American Colleges Not Responsive to Labor Needs
by Daniel Luzer
In other news from the annual meeting of the American Economic Association, apparently, despite extensive rhetoric about education and the workforce, American colleges don’t do a terribly good job preparing students for employment. According to an article in the Chronicle of Higher Education:
American colleges are only “moderately responsive” to changes in the labor markets, according to a new working paper by three economists.
The study, whose preliminary results were presented on Monday at the annual meeting of the American Economic Association, found that some academic programs, such as computer science, appear to be highly responsive to labor-market trends, while others, like medicine and dentistry, are largely unaffected by changes in employment opportunities.
More specifically, when an industry needs more workers, students do earn relevant degrees. But there is a huge lag, sometimes as long as seven years between the time when the industry first needs more workers and when the credentialed workers appear. As a result, according to the article, “employers look elsewhere to fill jobs, such as hiring skilled workers from abroad.”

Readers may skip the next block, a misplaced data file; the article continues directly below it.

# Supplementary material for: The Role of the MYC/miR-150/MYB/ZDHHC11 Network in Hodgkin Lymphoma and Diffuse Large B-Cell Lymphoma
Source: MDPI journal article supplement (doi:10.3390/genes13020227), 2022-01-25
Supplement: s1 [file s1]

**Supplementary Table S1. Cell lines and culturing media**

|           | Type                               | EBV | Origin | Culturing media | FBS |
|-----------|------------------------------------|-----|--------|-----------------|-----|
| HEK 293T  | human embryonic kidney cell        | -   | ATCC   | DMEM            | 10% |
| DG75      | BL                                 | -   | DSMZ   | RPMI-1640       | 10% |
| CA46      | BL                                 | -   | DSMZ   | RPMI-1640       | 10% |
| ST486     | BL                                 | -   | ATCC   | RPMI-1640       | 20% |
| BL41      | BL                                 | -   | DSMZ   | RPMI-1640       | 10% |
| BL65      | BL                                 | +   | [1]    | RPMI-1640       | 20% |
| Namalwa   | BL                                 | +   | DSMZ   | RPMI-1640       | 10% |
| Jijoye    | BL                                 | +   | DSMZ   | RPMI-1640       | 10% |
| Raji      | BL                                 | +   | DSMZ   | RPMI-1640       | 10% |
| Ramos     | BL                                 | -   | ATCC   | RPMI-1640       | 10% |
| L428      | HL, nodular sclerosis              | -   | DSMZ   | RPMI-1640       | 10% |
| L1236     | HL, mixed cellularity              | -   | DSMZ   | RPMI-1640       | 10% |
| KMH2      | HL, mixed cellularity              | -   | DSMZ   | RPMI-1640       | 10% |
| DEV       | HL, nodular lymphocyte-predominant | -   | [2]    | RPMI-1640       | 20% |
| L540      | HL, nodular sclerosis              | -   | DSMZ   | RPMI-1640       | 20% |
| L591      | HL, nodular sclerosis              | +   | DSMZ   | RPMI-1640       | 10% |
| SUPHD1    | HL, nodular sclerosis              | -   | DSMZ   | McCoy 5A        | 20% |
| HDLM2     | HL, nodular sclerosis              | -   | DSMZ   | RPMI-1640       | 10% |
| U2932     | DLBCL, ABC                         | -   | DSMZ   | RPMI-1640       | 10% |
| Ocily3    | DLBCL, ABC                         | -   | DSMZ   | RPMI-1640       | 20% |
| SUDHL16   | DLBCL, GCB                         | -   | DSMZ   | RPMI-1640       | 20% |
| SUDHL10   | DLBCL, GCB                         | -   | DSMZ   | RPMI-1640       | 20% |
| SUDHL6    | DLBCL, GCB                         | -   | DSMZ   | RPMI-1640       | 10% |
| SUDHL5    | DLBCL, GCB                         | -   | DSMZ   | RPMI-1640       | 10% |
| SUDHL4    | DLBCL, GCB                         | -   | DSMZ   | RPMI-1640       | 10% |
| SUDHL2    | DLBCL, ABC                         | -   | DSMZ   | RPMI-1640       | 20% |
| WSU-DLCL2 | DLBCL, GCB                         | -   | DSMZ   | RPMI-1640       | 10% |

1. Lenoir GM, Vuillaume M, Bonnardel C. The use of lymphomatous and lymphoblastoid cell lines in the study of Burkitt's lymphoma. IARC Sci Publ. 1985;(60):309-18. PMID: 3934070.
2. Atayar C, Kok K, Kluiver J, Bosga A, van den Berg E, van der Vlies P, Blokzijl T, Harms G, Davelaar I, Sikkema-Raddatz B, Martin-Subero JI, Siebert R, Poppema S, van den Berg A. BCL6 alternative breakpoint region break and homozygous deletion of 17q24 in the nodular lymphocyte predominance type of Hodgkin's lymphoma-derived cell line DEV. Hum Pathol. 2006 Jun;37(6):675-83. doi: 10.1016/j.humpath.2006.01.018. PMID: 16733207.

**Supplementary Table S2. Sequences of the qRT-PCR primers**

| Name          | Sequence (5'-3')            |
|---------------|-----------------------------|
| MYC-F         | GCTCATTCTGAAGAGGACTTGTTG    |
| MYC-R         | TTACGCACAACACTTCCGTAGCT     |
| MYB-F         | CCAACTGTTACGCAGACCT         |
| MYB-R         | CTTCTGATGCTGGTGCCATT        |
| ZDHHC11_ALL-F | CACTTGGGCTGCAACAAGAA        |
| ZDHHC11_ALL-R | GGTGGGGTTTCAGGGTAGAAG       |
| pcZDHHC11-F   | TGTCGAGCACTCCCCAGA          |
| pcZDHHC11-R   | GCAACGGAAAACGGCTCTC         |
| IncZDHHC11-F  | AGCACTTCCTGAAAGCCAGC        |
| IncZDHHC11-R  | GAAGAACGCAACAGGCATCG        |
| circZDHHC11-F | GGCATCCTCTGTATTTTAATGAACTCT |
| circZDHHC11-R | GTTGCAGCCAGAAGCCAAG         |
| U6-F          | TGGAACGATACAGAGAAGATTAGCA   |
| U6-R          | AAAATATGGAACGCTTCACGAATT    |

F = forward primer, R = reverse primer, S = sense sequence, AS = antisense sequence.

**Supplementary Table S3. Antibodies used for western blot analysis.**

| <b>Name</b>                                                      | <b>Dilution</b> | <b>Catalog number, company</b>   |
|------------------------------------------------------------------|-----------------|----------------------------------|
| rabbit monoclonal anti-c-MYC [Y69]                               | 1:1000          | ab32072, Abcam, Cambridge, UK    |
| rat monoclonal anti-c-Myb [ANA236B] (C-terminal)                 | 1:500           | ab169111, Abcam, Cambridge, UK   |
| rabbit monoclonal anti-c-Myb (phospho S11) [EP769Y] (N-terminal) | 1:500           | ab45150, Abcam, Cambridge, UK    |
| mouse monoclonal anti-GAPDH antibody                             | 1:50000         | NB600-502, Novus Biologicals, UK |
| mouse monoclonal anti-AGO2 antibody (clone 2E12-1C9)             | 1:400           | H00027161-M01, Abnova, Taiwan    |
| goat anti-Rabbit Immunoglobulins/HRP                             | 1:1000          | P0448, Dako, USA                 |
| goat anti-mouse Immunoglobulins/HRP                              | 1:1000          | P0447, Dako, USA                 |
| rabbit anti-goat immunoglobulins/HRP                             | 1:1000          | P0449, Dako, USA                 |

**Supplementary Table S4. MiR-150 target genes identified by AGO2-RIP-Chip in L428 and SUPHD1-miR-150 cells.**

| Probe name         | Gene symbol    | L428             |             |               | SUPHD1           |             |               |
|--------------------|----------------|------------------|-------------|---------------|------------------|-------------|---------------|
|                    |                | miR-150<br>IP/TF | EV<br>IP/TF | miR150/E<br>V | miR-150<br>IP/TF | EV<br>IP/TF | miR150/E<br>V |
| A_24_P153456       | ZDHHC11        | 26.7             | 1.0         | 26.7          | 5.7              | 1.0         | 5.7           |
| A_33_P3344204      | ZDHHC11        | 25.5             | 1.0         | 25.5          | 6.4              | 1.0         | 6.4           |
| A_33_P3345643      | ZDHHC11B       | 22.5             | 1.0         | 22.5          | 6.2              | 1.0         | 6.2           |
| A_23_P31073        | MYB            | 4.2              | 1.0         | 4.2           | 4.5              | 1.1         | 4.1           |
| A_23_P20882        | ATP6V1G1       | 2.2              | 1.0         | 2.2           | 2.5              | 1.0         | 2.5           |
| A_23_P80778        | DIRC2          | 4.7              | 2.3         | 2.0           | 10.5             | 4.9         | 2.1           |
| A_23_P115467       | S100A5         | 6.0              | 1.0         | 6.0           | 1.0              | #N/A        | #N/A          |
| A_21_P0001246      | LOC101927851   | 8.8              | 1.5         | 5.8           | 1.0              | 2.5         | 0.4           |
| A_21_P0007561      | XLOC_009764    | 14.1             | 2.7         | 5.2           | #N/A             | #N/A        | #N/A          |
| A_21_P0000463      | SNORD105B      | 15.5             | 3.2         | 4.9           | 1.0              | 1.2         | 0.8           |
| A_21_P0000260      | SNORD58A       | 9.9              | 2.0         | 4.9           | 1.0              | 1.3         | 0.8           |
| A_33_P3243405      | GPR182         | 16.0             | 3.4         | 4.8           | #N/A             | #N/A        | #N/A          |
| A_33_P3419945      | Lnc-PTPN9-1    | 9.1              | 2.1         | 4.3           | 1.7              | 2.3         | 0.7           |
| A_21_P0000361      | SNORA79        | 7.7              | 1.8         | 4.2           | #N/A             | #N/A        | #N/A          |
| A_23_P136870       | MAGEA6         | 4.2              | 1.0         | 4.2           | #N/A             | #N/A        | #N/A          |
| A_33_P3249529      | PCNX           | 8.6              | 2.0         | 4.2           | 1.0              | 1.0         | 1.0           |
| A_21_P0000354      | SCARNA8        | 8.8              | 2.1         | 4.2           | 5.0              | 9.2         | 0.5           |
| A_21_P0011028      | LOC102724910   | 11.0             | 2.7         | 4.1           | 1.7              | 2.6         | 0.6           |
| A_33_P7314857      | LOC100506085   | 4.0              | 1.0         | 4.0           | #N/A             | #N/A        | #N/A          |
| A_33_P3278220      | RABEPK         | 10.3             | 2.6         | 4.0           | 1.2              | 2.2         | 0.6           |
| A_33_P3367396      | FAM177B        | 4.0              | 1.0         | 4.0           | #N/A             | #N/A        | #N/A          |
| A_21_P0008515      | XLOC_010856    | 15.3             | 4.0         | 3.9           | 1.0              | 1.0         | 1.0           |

According to the paper presented at the meeting:
Policy measures may include a central corpus of funds for creating slots in specific specializations in institutions of higher learning; or special subsidies for more responsive institutions. If the US wants to continue to foster specific occupations in the domestic marketplace, one solution is to lower barriers to the creation of new specialty schools, or to create additional incentives for existing institutions to increase enrollment.
In short, if America needs new workers, it makes sense to create an easy way for American universities to produce those workers, quickly. The market doesn’t operate fast enough to meet the country’s economic needs.